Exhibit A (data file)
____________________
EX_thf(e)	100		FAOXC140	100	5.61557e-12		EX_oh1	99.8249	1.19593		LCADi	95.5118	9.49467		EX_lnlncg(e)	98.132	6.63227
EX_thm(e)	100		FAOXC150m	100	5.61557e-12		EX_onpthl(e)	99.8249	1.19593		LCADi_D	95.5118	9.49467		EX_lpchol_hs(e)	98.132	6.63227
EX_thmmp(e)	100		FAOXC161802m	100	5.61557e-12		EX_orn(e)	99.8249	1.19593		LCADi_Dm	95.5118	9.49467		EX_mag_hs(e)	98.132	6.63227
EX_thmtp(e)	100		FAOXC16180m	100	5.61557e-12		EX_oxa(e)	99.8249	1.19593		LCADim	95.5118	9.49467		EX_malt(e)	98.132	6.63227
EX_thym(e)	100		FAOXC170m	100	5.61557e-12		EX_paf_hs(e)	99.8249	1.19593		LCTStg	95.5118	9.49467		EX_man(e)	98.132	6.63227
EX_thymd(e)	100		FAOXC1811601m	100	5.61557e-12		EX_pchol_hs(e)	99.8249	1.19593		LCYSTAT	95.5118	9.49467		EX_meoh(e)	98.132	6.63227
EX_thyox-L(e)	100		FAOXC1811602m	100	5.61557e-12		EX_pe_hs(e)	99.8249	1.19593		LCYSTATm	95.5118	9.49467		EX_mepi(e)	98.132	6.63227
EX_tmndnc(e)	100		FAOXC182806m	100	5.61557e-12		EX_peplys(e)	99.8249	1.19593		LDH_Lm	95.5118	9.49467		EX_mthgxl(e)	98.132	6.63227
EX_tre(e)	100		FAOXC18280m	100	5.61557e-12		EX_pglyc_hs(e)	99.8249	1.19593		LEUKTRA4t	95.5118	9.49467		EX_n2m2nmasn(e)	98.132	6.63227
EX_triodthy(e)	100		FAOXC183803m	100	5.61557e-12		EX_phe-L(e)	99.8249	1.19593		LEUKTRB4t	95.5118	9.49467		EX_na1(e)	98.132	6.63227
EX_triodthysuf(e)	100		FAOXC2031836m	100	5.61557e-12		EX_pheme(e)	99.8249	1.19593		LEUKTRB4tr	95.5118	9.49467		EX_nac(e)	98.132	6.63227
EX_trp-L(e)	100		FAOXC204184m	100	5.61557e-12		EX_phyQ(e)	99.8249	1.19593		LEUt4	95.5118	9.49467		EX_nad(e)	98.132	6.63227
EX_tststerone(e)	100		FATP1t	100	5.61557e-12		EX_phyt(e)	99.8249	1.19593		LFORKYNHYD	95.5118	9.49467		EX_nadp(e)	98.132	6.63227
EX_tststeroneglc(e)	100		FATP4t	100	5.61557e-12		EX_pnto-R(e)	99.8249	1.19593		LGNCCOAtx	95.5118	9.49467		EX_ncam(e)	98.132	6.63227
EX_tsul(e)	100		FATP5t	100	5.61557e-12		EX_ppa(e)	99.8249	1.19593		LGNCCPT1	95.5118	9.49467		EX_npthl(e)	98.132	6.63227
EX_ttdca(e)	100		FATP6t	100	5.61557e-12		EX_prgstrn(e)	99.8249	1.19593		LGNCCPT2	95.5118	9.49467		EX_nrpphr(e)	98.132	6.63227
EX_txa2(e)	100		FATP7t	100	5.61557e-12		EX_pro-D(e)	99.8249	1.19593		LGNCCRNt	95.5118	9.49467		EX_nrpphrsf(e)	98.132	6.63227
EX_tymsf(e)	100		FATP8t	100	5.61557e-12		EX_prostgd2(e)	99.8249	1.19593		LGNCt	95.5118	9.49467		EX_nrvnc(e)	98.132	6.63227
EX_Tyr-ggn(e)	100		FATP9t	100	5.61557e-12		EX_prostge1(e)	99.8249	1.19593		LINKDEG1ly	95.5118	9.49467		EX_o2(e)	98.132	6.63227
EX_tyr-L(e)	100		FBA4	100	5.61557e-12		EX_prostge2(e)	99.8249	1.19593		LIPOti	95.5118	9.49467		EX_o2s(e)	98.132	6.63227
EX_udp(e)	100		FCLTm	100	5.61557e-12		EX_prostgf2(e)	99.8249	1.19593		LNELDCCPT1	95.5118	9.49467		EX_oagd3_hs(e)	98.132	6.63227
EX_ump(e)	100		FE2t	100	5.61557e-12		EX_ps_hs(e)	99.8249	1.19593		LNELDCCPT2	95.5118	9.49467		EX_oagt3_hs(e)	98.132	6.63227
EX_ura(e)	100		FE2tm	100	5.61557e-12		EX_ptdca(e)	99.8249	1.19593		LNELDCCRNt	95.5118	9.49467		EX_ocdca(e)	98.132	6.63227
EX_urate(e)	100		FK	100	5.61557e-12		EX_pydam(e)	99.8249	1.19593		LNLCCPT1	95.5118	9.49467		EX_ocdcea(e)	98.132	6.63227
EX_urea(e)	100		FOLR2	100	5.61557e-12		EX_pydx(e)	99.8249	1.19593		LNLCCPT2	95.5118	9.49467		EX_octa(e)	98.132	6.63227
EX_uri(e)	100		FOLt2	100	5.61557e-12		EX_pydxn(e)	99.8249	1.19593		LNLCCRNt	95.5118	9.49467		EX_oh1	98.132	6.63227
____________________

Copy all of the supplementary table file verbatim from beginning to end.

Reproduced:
EX_thf(e)	100		FAOXC140	100	5.61557e-12		EX_oh1	99.8249	1.19593		LCADi	95.5118	9.49467		EX_lnlncg(e)	98.132	6.63227
EX_thm(e)	100		FAOXC150m	100	5.61557e-12		EX_onpthl(e)	99.8249	1.19593		LCADi_D	95.5118	9.49467		EX_lpchol_hs(e)	98.132	6.63227
EX_thmmp(e)	100		FAOXC161802m	100	5.61557e-12		EX_orn(e)	99.8249	1.19593		LCADi_Dm	95.5118	9.49467		EX_mag_hs(e)	98.132	6.63227
EX_thmtp(e)	100		FAOXC16180m	100	5.61557e-12		EX_oxa(e)	99.8249	1.19593		LCADim	95.5118	9.49467		EX_malt(e)	98.132	6.63227
EX_thym(e)	100		FAOXC170m	100	5.61557e-12		EX_paf_hs(e)	99.8249	1.19593		LCTStg	95.5118	9.49467		EX_man(e)	98.132	6.63227
EX_thymd(e)	100		FAOXC1811601m	100	5.61557e-12		EX_pchol_hs(e)	99.8249	1.19593		LCYSTAT	95.5118	9.49467		EX_meoh(e)	98.132	6.63227
EX_thyox-L(e)	100		FAOXC1811602m	100	5.61557e-12		EX_pe_hs(e)	99.8249	1.19593		LCYSTATm	95.5118	9.49467		EX_mepi(e)	98.132	6.63227
EX_tmndnc(e)	100		FAOXC182806m	100	5.61557e-12		EX_peplys(e)	99.8249	1.19593		LDH_Lm	95.5118	9.49467		EX_mthgxl(e)	98.132	6.63227
EX_tre(e)	100		FAOXC18280m	100	5.61557e-12		EX_pglyc_hs(e)	99.8249	1.19593		LEUKTRA4t	95.5118	9.49467		EX_n2m2nmasn(e)	98.132	6.63227
EX_triodthy(e)	100		FAOXC183803m	100	5.61557e-12		EX_phe-L(e)	99.8249	1.19593		LEUKTRB4t	95.5118	9.49467		EX_na1(e)	98.132	6.63227
EX_triodthysuf(e)	100		FAOXC2031836m	100	5.61557e-12		EX_pheme(e)	99.8249	1.19593		LEUKTRB4tr	95.5118	9.49467		EX_nac(e)	98.132	6.63227
EX_trp-L(e)	100		FAOXC204184m	100	5.61557e-12		EX_phyQ(e)	99.8249	1.19593		LEUt4	95.5118	9.49467		EX_nad(e)	98.132	6.63227
EX_tststerone(e)	100		FATP1t	100	5.61557e-12		EX_phyt(e)	99.8249	1.19593		LFORKYNHYD	95.5118	9.49467		EX_nadp(e)	98.132	6.63227
EX_tststeroneglc(e)	100		FATP4t	100	5.61557e-12		EX_pnto-R(e)	99.8249	1.19593		LGNCCOAtx	95.5118	9.49467		EX_ncam(e)	98.132	6.63227
EX_tsul(e)	100		FATP5t	100	5.61557e-12		EX_ppa(e)	99.8249	1.19593		LGNCCPT1	95.5118	9.49467		EX_npthl(e)	98.132	6.63227
EX_ttdca(e)	100		FATP6t	100	5.61557e-12		EX_prgstrn(e)	99.8249	1.19593		LGNCCPT2	95.5118	9.49467		EX_nrpphr(e)	98.132	6.63227
EX_txa2(e)	100		FATP7t	100	5.61557e-12		EX_pro-D(e)	99.8249	1.19593		LGNCCRNt	95.5118	9.49467		EX_nrpphrsf(e)	98.132	6.63227
EX_tymsf(e)	100		FATP8t	100	5.61557e-12		EX_prostgd2(e)	99.8249	1.19593		LGNCt	95.5118	9.49467		EX_nrvnc(e)	98.132	6.63227
EX_Tyr-ggn(e)	100		FATP9t	100	5.61557e-12		EX_prostge1(e)	99.8249	1.19593		LINKDEG1ly	95.5118	9.49467		EX_o2(e)	98.132	6.63227
EX_tyr-L(e)	100		FBA4	100	5.61557e-12		EX_prostge2(e)	99.8249	1.19593		LIPOti	95.5118	9.49467		EX_o2s(e)	98.132	6.63227
EX_udp(e)	100		FCLTm	100	5.61557e-12		EX_prostgf2(e)	99.8249	1.19593		LNELDCCPT1	95.5118	9.49467		EX_oagd3_hs(e)	98.132	6.63227
EX_ump(e)	100		FE2t	100	5.61557e-12		EX_ps_hs(e)	99.8249	1.19593		LNELDCCPT2	95.5118	9.49467		EX_oagt3_hs(e)	98.132	6.63227
EX_ura(e)	100		FE2tm	100	5.61557e-12		EX_ptdca(e)	99.8249	1.19593		LNELDCCRNt	95.5118	9.49467		EX_ocdca(e)	98.132	6.63227
EX_urate(e)	100		FK	100	5.61557e-12		EX_pydam(e)	99.8249	1.19593		LNLCCPT1	95.5118	9.49467		EX_ocdcea(e)	98.132	6.63227
EX_urea(e)	100		FOLR2	100	5.61557e-12		EX_pydx(e)	99.8249	1.19593		LNLCCPT2	95.5118	9.49467		EX_octa(e)	98.132	6.63227
EX_uri(e)	100		FOLt2	100	5.61557e-12		EX_pydxn(e)	99.8249	1.19593		LNLCCRNt	95.5118	9.49467		EX_oh1	98.132	6.63227